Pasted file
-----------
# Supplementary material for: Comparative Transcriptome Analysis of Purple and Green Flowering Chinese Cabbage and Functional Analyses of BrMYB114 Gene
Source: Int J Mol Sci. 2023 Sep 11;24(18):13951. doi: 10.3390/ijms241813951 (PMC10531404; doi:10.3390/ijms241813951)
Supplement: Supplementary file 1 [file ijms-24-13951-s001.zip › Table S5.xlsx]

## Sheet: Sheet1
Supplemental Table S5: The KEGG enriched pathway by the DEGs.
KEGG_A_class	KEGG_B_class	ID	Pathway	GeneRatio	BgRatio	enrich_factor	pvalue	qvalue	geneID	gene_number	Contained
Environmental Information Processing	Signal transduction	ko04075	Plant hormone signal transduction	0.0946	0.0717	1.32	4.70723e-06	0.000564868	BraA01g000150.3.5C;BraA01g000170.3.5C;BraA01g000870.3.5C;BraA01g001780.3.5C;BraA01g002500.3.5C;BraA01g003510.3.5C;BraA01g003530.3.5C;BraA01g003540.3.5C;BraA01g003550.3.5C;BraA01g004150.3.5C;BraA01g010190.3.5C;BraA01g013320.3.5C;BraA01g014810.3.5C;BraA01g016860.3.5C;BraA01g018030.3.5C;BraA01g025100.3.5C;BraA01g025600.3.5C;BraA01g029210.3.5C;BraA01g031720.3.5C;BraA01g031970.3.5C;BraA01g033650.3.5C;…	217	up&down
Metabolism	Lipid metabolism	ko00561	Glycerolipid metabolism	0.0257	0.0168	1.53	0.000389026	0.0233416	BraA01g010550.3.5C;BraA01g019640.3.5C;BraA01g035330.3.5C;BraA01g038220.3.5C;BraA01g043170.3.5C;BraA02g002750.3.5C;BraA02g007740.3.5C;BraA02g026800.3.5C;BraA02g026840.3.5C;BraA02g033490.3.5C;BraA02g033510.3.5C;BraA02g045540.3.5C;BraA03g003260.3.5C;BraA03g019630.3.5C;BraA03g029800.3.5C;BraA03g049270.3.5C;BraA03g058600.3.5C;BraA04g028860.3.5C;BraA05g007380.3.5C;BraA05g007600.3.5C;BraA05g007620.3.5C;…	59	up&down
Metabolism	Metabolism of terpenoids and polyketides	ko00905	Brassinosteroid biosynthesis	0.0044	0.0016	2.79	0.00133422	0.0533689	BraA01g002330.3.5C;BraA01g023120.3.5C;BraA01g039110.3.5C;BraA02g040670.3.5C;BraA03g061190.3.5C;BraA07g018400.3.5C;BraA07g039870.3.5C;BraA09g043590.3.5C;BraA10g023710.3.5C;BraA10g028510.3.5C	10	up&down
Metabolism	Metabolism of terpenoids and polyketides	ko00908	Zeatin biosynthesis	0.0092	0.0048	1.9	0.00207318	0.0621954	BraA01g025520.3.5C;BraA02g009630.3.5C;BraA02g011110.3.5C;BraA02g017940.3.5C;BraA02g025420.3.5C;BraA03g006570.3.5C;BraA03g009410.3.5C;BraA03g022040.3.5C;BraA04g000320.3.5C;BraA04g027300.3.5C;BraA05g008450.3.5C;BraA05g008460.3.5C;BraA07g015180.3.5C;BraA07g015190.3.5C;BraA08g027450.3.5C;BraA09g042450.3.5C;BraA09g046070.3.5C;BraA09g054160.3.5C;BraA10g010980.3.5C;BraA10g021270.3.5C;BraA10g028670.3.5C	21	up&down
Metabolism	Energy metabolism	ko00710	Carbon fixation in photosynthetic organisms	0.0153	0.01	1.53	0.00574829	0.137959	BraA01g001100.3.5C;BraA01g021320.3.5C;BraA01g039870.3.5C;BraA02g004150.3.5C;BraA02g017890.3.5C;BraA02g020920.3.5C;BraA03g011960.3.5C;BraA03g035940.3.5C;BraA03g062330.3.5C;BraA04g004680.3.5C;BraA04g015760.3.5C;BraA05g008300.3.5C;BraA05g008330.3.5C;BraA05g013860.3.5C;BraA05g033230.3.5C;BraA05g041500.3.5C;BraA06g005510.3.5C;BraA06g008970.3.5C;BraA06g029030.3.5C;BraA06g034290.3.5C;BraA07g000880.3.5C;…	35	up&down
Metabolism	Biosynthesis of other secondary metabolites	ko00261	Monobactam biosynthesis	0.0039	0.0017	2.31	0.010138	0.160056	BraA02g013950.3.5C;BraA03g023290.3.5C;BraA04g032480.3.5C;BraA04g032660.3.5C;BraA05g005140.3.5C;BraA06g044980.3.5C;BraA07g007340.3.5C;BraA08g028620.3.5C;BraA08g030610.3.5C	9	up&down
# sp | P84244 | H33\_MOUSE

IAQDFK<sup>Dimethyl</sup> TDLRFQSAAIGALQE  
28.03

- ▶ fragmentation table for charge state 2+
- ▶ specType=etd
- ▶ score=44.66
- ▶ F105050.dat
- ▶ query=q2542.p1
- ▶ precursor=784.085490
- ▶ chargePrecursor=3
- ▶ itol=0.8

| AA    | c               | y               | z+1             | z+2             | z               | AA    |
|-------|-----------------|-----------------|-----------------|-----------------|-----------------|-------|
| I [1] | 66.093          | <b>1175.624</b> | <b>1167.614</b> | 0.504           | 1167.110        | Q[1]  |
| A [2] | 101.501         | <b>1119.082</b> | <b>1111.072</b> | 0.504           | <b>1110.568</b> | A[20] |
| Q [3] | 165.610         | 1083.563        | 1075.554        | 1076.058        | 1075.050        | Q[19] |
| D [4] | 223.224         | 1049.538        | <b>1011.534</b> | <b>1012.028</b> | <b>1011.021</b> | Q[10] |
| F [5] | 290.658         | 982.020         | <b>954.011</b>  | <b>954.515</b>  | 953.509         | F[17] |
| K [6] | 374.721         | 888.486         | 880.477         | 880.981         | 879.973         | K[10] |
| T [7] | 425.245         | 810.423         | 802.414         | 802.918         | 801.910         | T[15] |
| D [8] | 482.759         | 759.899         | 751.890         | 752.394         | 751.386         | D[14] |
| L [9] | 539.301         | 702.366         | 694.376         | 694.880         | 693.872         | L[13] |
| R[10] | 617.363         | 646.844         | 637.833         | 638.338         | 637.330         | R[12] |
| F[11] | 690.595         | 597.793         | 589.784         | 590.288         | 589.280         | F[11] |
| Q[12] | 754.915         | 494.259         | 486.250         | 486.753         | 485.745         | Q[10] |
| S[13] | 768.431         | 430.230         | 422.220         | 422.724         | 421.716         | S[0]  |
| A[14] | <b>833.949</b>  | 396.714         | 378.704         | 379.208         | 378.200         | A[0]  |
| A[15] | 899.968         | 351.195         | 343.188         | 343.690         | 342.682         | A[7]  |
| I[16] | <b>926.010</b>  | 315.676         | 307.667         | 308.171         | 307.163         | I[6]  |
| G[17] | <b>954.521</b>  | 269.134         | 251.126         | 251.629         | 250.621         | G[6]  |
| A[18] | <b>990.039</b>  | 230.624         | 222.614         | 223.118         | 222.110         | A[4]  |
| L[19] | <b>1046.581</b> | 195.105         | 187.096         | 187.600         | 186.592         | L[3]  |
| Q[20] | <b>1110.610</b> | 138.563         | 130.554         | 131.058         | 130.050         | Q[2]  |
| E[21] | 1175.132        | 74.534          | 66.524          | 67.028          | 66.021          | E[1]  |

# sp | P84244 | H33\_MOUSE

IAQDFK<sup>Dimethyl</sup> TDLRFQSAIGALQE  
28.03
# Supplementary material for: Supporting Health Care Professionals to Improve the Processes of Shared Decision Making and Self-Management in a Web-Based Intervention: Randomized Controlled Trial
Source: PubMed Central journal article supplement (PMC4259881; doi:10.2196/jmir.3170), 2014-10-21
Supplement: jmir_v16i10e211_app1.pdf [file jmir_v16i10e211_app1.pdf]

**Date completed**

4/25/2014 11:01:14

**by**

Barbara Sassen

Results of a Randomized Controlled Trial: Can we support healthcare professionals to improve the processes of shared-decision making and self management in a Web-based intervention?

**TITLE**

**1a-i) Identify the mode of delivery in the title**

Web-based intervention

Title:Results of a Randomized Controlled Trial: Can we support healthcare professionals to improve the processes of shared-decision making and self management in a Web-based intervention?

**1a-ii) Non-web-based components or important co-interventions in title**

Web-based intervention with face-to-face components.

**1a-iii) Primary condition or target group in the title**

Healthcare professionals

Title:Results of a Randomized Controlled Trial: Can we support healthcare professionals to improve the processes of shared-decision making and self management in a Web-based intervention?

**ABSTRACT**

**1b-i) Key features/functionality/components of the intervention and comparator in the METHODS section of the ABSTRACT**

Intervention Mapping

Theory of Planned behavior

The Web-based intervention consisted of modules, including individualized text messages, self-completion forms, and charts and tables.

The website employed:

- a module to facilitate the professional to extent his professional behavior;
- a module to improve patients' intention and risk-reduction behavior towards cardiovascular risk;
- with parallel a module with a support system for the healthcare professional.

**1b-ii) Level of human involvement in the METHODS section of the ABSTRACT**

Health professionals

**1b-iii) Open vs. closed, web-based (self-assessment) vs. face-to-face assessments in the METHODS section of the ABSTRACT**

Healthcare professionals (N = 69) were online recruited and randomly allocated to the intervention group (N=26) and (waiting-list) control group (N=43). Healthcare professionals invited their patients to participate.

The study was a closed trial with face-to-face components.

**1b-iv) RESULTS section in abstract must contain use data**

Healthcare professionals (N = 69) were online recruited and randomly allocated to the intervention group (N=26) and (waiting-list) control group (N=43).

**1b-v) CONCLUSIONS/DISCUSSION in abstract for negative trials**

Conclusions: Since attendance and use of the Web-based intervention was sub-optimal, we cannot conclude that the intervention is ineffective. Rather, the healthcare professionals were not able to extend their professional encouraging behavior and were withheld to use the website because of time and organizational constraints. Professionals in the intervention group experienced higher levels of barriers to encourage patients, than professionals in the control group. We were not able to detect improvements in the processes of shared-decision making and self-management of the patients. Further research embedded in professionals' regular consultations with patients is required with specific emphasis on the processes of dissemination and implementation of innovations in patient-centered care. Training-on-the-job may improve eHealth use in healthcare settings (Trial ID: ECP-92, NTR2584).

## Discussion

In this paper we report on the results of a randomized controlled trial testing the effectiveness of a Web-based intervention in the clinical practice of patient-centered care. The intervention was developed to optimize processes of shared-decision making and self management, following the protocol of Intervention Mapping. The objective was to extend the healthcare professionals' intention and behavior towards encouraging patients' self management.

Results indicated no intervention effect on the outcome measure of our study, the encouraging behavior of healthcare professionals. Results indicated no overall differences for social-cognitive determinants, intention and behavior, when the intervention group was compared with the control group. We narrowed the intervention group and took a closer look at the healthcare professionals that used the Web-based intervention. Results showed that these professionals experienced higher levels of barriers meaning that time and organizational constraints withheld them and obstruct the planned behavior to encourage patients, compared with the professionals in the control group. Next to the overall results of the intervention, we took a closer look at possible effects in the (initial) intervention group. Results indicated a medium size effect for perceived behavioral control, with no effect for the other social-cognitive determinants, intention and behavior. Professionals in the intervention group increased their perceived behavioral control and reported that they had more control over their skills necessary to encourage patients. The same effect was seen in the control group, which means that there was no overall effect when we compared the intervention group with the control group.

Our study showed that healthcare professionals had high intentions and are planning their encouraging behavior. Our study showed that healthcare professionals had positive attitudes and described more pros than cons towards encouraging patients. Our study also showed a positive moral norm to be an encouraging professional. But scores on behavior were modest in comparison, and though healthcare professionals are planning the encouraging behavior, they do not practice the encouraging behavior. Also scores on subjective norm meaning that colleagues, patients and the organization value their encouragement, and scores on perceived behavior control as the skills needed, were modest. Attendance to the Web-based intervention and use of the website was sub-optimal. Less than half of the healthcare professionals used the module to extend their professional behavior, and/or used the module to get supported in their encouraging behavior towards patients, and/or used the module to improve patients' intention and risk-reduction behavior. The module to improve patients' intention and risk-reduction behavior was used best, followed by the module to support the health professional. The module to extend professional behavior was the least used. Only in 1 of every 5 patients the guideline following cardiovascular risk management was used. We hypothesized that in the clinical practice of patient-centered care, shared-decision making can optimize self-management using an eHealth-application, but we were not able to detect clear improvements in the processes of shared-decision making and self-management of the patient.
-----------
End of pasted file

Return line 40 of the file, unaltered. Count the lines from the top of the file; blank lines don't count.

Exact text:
| A[15] | 899.968         | 351.195         | 343.188         | 343.690         | 342.682         | A[7]  |